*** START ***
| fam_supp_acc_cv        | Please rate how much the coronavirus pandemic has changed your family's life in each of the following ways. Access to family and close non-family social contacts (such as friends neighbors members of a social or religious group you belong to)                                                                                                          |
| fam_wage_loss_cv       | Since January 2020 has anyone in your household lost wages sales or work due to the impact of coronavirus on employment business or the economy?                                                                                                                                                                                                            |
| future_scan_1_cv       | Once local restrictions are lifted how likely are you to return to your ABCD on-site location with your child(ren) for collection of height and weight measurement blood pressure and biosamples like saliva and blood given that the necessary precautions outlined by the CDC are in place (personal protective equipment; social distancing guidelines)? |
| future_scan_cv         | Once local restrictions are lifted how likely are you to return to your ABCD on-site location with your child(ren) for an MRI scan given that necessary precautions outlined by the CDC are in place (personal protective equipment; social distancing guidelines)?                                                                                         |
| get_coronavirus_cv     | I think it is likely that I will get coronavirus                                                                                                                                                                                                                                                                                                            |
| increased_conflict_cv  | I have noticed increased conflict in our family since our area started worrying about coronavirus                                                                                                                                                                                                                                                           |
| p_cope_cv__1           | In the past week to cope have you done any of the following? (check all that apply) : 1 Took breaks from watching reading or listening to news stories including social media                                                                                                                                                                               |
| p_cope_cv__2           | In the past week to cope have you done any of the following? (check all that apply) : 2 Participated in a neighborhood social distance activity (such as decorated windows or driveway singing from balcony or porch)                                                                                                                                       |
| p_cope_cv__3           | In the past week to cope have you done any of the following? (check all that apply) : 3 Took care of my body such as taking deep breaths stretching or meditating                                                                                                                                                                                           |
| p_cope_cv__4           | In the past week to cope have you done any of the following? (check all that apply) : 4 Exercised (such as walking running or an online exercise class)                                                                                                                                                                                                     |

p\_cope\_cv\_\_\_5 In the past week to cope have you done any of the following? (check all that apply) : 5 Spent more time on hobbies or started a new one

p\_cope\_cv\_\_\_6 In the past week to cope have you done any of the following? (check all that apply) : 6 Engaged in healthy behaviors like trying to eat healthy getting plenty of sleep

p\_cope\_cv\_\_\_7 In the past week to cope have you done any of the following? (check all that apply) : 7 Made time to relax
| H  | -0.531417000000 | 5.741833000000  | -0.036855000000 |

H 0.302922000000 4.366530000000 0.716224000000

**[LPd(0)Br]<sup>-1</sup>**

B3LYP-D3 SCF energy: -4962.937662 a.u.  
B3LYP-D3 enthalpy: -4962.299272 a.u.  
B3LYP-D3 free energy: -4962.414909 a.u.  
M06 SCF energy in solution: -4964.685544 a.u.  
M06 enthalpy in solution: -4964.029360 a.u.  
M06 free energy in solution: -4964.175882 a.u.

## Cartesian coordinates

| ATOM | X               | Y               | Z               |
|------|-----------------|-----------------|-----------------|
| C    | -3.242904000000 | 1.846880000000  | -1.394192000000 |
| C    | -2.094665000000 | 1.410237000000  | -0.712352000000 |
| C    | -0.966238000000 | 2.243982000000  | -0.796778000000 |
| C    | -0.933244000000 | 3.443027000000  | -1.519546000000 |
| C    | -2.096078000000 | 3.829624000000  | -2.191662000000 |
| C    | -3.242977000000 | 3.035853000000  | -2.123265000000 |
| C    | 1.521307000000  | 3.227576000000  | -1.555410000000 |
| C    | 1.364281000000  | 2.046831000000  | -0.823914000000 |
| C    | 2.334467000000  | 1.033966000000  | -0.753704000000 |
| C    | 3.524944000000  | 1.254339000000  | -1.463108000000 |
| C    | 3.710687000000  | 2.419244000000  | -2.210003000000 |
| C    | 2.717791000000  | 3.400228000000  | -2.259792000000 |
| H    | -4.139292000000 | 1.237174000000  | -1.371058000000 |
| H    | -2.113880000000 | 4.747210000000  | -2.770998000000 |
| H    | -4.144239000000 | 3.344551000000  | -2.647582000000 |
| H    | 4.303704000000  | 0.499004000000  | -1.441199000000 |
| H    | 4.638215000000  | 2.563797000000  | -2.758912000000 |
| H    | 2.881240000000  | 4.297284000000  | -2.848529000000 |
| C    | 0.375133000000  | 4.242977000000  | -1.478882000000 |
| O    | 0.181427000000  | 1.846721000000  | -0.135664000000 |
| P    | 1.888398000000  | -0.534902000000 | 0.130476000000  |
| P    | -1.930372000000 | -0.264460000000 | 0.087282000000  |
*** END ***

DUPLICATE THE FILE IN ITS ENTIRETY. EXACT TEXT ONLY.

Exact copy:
| fam_supp_acc_cv        | Please rate how much the coronavirus pandemic has changed your family's life in each of the following ways. Access to family and close non-family social contacts (such as friends neighbors members of a social or religious group you belong to)                                                                                                          |
| fam_wage_loss_cv       | Since January 2020 has anyone in your household lost wages sales or work due to the impact of coronavirus on employment business or the economy?                                                                                                                                                                                                            |
| future_scan_1_cv       | Once local restrictions are lifted how likely are you to return to your ABCD on-site location with your child(ren) for collection of height and weight measurement blood pressure and biosamples like saliva and blood given that the necessary precautions outlined by the CDC are in place (personal protective equipment; social distancing guidelines)? |
| future_scan_cv         | Once local restrictions are lifted how likely are you to return to your ABCD on-site location with your child(ren) for an MRI scan given that necessary precautions outlined by the CDC are in place (personal protective equipment; social distancing guidelines)?                                                                                         |
| get_coronavirus_cv     | I think it is likely that I will get coronavirus                                                                                                                                                                                                                                                                                                            |
| increased_conflict_cv  | I have noticed increased conflict in our family since our area started worrying about coronavirus                                                                                                                                                                                                                                                           |
| p_cope_cv__1           | In the past week to cope have you done any of the following? (check all that apply) : 1 Took breaks from watching reading or listening to news stories including social media                                                                                                                                                                               |
| p_cope_cv__2           | In the past week to cope have you done any of the following? (check all that apply) : 2 Participated in a neighborhood social distance activity (such as decorated windows or driveway singing from balcony or porch)                                                                                                                                       |
| p_cope_cv__3           | In the past week to cope have you done any of the following? (check all that apply) : 3 Took care of my body such as taking deep breaths stretching or meditating                                                                                                                                                                                           |
| p_cope_cv__4           | In the past week to cope have you done any of the following? (check all that apply) : 4 Exercised (such as walking running or an online exercise class)                                                                                                                                                                                                     |

p\_cope\_cv\_\_\_5 In the past week to cope have you done any of the following? (check all that apply) : 5 Spent more time on hobbies or started a new one

p\_cope\_cv\_\_\_6 In the past week to cope have you done any of the following? (check all that apply) : 6 Engaged in healthy behaviors like trying to eat healthy getting plenty of sleep

p\_cope\_cv\_\_\_7 In the past week to cope have you done any of the following? (check all that apply) : 7 Made time to relax
| H  | -0.531417000000 | 5.741833000000  | -0.036855000000 |

H 0.302922000000 4.366530000000 0.716224000000

**[LPd(0)Br]<sup>-1</sup>**

B3LYP-D3 SCF energy: -4962.937662 a.u.  
B3LYP-D3 enthalpy: -4962.299272 a.u.  
B3LYP-D3 free energy: -4962.414909 a.u.  
M06 SCF energy in solution: -4964.685544 a.u.  
M06 enthalpy in solution: -4964.029360 a.u.  
M06 free energy in solution: -4964.175882 a.u.

## Cartesian coordinates

| ATOM | X               | Y               | Z               |
|------|-----------------|-----------------|-----------------|
| C    | -3.242904000000 | 1.846880000000  | -1.394192000000 |
| C    | -2.094665000000 | 1.410237000000  | -0.712352000000 |
| C    | -0.966238000000 | 2.243982000000  | -0.796778000000 |
| C    | -0.933244000000 | 3.443027000000  | -1.519546000000 |
| C    | -2.096078000000 | 3.829624000000  | -2.191662000000 |
| C    | -3.242977000000 | 3.035853000000  | -2.123265000000 |
| C    | 1.521307000000  | 3.227576000000  | -1.555410000000 |
| C    | 1.364281000000  | 2.046831000000  | -0.823914000000 |
| C    | 2.334467000000  | 1.033966000000  | -0.753704000000 |
| C    | 3.524944000000  | 1.254339000000  | -1.463108000000 |
| C    | 3.710687000000  | 2.419244000000  | -2.210003000000 |
| C    | 2.717791000000  | 3.400228000000  | -2.259792000000 |
| H    | -4.139292000000 | 1.237174000000  | -1.371058000000 |
| H    | -2.113880000000 | 4.747210000000  | -2.770998000000 |
| H    | -4.144239000000 | 3.344551000000  | -2.647582000000 |
| H    | 4.303704000000  | 0.499004000000  | -1.441199000000 |
| H    | 4.638215000000  | 2.563797000000  | -2.758912000000 |
| H    | 2.881240000000  | 4.297284000000  | -2.848529000000 |
| C    | 0.375133000000  | 4.242977000000  | -1.478882000000 |
| O    | 0.181427000000  | 1.846721000000  | -0.135664000000 |
| P    | 1.888398000000  | -0.534902000000 | 0.130476000000  |
| P    | -1.930372000000 | -0.264460000000 | 0.087282000000  |